Marianne Saccardi (review date July 1994)

SOURCE: Saccardi, Marianne. Review of A Beautiful Feast for a Big King Cat, by Bill Martin, Jr., illustrated by Bruce Degen. School Library Journal 40, no. 7 (July 1994): 73.

PreS-Gr 3—This lesson about the dangers of teasing is presented in a delightful package. A young mouse taunts, "Big cat, big cat, catch me if you can!" Twice the rodent manages to escape to his house, where his mother forcefully warns the big bully to "pick on someone your own size." But on the third try, the cat takes a shortcut and grabs the mouse before he can reach home. Only the youngster's quick thinking allows him to escape. The rhymed text, repetitive phrases, and patterned plot make [A Beautiful Feast for a Big King Cat ] the perfect choice for beginning readers. The dialogue appears in italics, encouraging readers to dramatize the story. Degen's large, watercolor illustrations are filled with wonderful, Victorian period detail. Occasionally, text appears in a decorative frame centered with a crown or bordered with fancy flowers and wrought-iron designs. King Cat himself looks somewhat like a critter from a Beatrix Potter tales. While the young mouse may never go to King Cat's house again, young readers will definitely keep coming back to this book for more.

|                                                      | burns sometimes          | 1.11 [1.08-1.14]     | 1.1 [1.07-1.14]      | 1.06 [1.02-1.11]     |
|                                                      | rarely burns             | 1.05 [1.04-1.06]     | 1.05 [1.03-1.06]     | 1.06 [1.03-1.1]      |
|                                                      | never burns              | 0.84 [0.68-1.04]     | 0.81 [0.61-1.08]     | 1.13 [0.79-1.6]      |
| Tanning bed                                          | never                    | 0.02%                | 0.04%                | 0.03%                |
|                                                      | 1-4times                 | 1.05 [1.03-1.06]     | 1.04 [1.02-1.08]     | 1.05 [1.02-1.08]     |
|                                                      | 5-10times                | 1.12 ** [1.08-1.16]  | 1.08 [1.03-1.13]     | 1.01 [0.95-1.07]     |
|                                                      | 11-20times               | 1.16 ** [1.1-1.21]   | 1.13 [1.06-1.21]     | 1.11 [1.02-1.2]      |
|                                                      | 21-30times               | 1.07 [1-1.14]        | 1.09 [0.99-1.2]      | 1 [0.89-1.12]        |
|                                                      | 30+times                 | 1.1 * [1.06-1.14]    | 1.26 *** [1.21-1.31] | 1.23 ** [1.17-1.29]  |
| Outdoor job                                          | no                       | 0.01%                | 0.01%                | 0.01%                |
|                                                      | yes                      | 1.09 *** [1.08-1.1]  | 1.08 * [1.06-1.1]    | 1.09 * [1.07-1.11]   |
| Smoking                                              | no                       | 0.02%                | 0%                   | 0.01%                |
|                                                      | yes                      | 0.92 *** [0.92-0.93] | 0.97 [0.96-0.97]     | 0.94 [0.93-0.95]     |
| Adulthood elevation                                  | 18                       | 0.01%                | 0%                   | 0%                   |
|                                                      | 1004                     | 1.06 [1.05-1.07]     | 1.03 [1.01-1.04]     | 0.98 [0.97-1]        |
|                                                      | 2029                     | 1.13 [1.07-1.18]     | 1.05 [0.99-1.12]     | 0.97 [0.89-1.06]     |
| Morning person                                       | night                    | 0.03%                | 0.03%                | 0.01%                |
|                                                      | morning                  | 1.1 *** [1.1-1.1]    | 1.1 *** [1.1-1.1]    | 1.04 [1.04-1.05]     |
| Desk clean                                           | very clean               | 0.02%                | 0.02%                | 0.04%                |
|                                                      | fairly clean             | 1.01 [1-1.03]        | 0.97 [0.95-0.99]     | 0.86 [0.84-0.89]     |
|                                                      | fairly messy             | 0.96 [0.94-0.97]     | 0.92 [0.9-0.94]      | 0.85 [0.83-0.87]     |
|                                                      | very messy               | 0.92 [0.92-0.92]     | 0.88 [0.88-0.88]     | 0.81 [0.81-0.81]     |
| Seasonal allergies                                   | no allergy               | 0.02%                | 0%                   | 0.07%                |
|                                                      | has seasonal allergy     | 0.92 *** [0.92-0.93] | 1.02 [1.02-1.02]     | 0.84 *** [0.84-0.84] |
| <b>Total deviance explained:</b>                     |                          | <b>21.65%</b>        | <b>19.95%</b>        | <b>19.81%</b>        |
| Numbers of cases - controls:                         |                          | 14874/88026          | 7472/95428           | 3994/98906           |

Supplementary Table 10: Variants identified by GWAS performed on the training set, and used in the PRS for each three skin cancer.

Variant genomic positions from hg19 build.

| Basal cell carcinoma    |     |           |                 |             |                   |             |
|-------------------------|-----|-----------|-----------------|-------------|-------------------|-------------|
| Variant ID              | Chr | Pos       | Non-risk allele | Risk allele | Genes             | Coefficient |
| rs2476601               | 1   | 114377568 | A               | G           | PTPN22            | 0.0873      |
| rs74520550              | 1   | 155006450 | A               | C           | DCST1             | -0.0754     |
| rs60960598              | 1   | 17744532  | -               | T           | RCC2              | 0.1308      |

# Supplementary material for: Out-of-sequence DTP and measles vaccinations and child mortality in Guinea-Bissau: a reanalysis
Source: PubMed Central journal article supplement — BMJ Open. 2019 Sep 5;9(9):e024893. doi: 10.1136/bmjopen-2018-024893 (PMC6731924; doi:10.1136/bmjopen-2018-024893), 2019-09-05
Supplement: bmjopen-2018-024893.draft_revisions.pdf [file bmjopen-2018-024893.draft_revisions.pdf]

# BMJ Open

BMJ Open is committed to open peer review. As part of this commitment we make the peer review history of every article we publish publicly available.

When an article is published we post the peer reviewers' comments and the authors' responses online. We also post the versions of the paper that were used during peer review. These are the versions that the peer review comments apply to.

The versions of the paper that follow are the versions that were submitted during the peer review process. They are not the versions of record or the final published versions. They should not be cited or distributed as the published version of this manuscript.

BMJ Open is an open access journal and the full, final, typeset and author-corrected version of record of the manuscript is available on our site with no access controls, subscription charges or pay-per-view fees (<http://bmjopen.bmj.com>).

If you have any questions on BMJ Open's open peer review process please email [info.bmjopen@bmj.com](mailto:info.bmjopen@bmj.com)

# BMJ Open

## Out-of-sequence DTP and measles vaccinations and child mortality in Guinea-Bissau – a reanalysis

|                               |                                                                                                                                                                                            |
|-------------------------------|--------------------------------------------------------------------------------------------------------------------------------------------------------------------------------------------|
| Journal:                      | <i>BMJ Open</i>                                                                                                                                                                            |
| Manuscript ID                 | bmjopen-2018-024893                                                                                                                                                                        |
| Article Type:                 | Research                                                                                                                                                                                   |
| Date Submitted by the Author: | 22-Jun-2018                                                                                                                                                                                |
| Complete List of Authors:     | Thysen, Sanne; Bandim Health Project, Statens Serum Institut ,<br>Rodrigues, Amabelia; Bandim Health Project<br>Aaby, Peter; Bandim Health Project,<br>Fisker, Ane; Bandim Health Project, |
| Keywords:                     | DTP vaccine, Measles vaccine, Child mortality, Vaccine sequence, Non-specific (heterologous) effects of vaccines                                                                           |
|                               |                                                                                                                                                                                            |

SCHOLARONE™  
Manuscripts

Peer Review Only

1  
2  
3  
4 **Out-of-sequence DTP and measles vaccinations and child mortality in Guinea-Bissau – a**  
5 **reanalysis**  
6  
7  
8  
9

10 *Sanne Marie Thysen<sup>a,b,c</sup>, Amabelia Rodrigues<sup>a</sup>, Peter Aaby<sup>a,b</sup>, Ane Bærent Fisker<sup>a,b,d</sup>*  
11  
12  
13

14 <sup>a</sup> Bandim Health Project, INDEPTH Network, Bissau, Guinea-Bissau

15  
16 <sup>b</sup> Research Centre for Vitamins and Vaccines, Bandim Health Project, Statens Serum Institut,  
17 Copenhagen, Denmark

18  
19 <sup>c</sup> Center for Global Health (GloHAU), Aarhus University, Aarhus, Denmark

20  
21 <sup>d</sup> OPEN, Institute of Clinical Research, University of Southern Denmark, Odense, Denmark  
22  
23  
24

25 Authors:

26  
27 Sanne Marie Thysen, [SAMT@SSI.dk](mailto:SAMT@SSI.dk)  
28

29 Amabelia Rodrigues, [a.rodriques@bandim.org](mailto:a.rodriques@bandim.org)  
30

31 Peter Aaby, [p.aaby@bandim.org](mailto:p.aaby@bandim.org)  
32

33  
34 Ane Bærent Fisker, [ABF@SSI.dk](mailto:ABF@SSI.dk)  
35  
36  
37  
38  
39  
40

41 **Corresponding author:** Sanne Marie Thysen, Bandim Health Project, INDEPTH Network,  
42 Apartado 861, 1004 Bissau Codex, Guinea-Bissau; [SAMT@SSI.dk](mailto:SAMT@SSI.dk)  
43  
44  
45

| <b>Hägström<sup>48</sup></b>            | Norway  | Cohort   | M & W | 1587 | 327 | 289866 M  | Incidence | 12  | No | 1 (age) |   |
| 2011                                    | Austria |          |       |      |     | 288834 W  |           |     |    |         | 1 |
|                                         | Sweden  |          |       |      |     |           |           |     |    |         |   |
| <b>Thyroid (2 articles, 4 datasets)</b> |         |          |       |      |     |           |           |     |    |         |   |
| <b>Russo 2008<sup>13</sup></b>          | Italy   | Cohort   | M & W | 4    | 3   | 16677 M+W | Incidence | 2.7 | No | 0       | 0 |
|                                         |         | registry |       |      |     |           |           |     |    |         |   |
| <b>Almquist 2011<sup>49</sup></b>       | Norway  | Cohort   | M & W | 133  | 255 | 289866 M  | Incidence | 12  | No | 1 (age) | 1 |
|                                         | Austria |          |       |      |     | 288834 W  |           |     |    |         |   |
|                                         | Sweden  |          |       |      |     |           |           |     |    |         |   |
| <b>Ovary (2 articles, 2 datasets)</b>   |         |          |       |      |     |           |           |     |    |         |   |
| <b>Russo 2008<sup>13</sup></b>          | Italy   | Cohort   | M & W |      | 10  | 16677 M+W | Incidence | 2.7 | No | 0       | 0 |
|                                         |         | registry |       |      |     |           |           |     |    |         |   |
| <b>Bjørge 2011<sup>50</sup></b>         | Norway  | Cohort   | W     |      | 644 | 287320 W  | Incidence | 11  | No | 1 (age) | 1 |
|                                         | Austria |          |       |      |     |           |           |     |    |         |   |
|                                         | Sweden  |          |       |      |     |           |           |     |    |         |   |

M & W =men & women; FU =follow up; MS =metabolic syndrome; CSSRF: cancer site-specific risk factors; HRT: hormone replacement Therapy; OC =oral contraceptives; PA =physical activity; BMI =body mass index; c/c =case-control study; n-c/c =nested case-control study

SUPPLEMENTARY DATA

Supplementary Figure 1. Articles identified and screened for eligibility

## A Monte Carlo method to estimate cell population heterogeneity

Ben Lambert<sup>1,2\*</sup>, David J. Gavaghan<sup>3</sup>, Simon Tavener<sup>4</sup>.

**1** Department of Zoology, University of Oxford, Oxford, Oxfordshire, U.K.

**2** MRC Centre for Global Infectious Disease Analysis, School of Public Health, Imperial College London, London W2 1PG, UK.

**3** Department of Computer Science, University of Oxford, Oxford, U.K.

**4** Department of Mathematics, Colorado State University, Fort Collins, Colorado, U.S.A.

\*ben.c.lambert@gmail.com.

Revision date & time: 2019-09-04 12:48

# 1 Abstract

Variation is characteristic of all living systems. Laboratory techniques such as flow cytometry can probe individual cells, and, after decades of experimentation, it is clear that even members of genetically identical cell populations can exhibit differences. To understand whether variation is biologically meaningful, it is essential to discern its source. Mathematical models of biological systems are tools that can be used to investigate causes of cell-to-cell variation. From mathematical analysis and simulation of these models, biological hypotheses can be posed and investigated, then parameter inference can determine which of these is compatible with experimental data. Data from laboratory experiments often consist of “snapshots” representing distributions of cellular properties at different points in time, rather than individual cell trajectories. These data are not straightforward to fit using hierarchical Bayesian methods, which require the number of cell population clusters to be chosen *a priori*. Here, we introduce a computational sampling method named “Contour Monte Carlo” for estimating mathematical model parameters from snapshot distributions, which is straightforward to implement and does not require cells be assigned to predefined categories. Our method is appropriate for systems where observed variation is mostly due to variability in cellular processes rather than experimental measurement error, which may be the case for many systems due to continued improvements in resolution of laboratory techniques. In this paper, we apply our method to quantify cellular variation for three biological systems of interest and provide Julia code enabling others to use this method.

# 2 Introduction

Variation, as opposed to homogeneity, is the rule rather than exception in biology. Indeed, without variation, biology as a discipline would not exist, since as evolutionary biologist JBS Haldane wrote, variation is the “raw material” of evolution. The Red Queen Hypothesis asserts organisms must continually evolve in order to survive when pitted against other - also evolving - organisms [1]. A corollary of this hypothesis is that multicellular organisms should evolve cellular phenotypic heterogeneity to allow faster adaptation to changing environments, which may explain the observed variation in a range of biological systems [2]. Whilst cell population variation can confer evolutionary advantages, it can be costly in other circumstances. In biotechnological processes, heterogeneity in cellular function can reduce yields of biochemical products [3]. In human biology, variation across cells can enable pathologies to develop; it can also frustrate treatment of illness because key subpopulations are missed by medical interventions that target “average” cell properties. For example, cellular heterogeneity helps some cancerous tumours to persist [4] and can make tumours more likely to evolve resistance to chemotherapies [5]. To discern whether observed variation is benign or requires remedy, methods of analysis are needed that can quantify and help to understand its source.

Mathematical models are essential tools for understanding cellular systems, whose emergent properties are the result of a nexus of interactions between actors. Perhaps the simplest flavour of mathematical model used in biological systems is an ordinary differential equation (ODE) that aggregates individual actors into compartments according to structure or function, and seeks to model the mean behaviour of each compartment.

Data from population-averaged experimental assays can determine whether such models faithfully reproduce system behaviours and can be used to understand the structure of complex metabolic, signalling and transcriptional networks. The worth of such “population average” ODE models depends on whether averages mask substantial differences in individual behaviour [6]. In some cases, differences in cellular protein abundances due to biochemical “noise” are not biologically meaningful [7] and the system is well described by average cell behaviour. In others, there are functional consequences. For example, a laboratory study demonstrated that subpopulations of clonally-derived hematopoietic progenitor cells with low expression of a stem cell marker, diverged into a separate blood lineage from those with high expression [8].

SWISH! (1997)

Elizabeth Deveraux and Diane Roback (review date 21 July 1997)

SOURCE: Deveraux, Elizabeth, and Diane Roback. Review of Swish!, by Bill Martin, Jr., illustrated by Michael Chesworth. Publishers Weekly 244, no. 29 (21 July 1997): 200-01.